What Cryptocurrency Means for Gaming

If you’re interested in technology, you’ve probably heard of cryptocurrencies – or of Bitcoin, at least. But what you might be less aware of is the growing market for cryptocurrencies in video games.

Cryptocurrencies find their place in games in a variety of ways. One way is the play-for-pay model, in which players are rewarded with small amounts of cryptocurrency for playing the game.

Other ways include projects like Game Credits, which create their own cryptocurrency that can be transferred and used across a network of games.

But before we go too deeply into cryptocurrencies and their relationship with games, what are cryptocurrencies exactly?

Explainer: Cryptocurrency
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Image source: blockgeeks.com

For a much more in-depth explainer, head over to blockgeeks.com who created this infographic. But, we can start with the broad terms.

Essentially, cryptocurrencies are digital currencies that are stored, regulated and produced by mathematics (cryptography), rather than by banks, governments or physical resources.

More specifically, Bitcoin – the most prominent and popular cryptocurrency – is based on the SHA 256 Hash algorithm. Because Bitcoin’s algorithm is open source, thousands of other cryptocurrencies have been created based on the same foundation.

Creating Bitcoins comes about through a process termed ‘mining’, and is a key part of how Bitcoin is decentralised and self-regulating. To mine Bitcoins, the SHA 256 Hash algorithm generates cryptographic puzzles which your computer then solves. Each solved puzzle adds a block to the blockchain, and you are rewarded with an amount of Bitcoins. This reward started at 50 BTC (Bitcoins), but for every 210,000 blocks mined the reward halves. That’s roughly every four years. What this does is ensures that the total amount of Bitcoins will never exceed 21 million.

The blockchain is essentially the ledger – it records and verifies each transaction in chronological order. This means that, in theory, no transaction can be forged or double-spent. Mining is what keeps Bitcoin working and secure.

However, in addition to that, the difficulty of each puzzle scales with the total speed of the network (the amount of people mining and their combined computational power). This is called the hashrate, and serves to decentralise the network.

By decentralising it, it also becomes near-impossible to ‘hack’ the network. The details are complex, but essentially, if someone controls over half of the hashrate (i.e., they have over 50% of the computational power contributing to the network) then they can double-spend their money, forge transactions, and all kinds of potentially quite devastating mischief.

What this also means is a computational arms race. While originally designed to use CPUs, most miners now use GPUs or specialised chips, both of which (the latter more than the former) can be programmed to specialise in mining. Unfortunately for gamers, this is probably why you’re finding some graphics cards rocketing up in price.

Every user has a Bitcoin wallet. This has a public and a private key. The private key is used for accessing it and using the funds, while the public key is so that other vendors and traders know which wallet is yours.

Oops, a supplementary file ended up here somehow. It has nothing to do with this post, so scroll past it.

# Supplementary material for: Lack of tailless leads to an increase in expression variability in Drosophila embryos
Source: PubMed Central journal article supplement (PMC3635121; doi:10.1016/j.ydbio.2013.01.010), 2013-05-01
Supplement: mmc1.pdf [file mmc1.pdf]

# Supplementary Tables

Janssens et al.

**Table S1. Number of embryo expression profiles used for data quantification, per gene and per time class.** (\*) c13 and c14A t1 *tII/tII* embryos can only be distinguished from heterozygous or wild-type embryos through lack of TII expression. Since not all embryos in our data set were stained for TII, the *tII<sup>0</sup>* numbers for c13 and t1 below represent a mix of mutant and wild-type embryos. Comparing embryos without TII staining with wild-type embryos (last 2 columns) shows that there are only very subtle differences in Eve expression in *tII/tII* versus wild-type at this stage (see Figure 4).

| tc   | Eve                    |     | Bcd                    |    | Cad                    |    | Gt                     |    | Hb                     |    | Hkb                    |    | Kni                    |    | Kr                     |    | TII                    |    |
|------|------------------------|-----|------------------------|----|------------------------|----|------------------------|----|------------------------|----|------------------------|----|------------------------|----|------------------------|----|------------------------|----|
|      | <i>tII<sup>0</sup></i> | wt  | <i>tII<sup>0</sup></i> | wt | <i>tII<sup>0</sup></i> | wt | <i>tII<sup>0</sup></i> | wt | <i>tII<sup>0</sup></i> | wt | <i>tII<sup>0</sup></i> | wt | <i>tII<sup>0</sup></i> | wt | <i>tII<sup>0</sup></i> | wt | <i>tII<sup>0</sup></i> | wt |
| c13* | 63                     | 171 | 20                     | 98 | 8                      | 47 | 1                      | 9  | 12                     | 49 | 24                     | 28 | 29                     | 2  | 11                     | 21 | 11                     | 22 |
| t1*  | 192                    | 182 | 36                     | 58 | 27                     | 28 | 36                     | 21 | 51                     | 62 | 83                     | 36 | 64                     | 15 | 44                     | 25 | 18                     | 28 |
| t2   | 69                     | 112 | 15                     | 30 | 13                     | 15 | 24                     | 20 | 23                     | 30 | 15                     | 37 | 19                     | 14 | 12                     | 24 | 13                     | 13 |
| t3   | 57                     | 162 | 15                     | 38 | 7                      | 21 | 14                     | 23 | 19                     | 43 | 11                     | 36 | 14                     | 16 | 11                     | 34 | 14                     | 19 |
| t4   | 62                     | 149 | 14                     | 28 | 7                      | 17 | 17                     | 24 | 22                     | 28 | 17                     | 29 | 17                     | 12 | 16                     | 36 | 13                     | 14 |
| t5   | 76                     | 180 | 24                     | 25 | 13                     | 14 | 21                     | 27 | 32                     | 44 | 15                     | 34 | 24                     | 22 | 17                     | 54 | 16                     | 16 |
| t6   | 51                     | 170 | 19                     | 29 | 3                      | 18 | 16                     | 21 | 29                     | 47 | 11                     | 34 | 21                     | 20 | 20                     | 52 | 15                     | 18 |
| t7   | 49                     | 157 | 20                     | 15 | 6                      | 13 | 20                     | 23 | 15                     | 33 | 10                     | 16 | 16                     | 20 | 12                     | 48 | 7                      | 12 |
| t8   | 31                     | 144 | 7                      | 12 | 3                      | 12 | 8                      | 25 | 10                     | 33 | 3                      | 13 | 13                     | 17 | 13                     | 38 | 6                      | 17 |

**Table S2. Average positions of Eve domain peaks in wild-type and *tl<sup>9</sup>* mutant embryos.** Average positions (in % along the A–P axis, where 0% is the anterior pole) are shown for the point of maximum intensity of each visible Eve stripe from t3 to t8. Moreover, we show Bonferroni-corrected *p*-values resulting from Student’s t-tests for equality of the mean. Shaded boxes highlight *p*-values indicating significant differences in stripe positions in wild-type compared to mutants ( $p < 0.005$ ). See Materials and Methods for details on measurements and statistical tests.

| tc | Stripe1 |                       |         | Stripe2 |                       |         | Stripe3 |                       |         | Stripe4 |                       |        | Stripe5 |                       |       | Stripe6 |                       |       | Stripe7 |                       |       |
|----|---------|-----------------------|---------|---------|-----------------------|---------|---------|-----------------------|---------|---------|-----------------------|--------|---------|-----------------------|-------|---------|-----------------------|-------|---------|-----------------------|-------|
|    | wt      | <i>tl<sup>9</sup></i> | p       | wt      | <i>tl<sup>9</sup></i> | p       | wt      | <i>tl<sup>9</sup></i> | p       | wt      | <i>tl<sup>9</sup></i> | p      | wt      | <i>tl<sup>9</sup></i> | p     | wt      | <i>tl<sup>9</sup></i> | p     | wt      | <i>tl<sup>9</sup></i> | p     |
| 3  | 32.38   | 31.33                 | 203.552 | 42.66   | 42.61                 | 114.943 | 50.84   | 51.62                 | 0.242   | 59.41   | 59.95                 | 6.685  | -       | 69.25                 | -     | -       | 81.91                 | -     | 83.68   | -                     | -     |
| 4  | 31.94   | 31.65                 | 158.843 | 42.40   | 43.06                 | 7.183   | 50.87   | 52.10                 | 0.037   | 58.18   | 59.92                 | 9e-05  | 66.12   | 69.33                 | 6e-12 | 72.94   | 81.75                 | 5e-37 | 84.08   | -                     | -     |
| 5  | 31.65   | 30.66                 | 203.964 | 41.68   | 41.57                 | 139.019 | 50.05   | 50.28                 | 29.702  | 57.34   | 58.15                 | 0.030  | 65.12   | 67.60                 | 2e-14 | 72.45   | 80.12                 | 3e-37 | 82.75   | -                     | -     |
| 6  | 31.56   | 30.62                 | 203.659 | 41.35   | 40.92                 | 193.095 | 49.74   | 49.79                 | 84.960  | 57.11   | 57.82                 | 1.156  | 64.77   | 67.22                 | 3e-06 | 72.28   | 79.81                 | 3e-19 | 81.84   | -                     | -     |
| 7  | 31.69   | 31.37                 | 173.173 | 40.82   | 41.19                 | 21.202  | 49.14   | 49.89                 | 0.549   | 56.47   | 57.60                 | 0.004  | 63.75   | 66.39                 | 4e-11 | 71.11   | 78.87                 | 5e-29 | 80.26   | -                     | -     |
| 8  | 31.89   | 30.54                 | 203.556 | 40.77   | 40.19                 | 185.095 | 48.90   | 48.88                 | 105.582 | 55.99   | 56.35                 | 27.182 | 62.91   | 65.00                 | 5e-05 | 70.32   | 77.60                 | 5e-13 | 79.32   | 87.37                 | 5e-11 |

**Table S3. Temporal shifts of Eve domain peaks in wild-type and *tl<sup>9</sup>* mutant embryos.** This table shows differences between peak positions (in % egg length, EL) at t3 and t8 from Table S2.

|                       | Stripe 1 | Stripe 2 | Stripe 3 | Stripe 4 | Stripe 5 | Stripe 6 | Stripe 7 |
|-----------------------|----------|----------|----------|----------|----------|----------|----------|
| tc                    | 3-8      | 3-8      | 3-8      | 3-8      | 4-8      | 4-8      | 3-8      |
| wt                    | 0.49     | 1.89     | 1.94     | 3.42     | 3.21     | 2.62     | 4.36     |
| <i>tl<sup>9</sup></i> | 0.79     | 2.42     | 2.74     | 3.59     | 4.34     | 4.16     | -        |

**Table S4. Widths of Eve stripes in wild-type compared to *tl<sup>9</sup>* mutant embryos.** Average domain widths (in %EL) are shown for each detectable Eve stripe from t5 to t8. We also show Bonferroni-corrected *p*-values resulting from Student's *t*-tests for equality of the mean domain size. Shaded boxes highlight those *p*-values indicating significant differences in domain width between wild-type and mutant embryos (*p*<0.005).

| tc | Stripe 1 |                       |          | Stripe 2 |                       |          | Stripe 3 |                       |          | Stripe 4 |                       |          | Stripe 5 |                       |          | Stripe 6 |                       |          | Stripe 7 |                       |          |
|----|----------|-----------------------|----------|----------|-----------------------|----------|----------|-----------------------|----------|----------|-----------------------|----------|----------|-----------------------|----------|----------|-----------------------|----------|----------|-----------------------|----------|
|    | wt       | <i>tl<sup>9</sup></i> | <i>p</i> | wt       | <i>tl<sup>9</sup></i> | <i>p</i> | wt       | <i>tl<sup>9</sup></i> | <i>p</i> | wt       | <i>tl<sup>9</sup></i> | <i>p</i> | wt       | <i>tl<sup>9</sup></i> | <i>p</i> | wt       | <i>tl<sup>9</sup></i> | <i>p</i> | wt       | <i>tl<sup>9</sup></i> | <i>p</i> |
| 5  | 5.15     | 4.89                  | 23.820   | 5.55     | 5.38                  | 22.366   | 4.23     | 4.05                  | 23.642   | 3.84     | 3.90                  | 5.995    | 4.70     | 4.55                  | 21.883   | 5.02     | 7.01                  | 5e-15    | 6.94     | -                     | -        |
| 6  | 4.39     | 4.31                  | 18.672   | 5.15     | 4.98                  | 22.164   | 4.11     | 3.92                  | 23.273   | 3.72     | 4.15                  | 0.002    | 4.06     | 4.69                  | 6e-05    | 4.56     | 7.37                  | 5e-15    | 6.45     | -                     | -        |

Bitcoin and other cryptocurrencies are valued for many reasons. Yes, people like them because they are anonymous and harder to trace and are therefore useful for all kinds of illegal activities from money laundering to buying illicit weapons and drugs. Mining also consumes a hell of a lot of power.

But Bitcoin is also arguably more secure than physical currencies, more resilient to fraud. You can’t simply have your credit card cloned, for instance, or your computer hacked and your bank details stolen.

It’s also safe from the jurisdiction of central governments. While this doesn’t concern most people, for some it’s a deal breaker. Furthermore, it doesn’t inflate like regular currencies, due to the 21 million BTC ceiling.

So, what does this mean for the rest of us non-miners? (Apart from our graphics cards becoming more expensive.)

Well, as mentioned at the beginning, games and other services are increasingly buying into the world of cryptocurrencies in various ways. Live casino games such as blackjack and electronics vendors like NewEgg as well as many more now allow you to play and purchase using Bitcoin.

We’re also starting to see games like Beyond the Void implementing blockchain currency as their in-game currency. This could be hugely useful for MMORPGs and other multiplayer games with marketplaces. At present, in-game currency tends to be messy. In many games it’s practically worthless, while in others highly volatile and requiring convoluted gold sinks to keep the economy working. Blockchain currency has inherent value, and so could be a useful remedy.

Exciting new projects like Game Credits also take this principle, but apply that currency across a particular network of games. So the money you make in one game can help give you a head start in another.

But these applications are all in their infancy yet. So far, despite both being tech-related, cryptocurrencies and video games haven’t had too much to do with each other. Apart from the fact that each community is probably interested in the other.

The potential applications, though, are exciting, as we’ve seen from some of the burgeoning projects coming forward with different applications of cryptocurrencies in games, both in the gameworld and outside of it.

Perhaps video games can give cryptocurrencies the final push to becoming truly mainstream.

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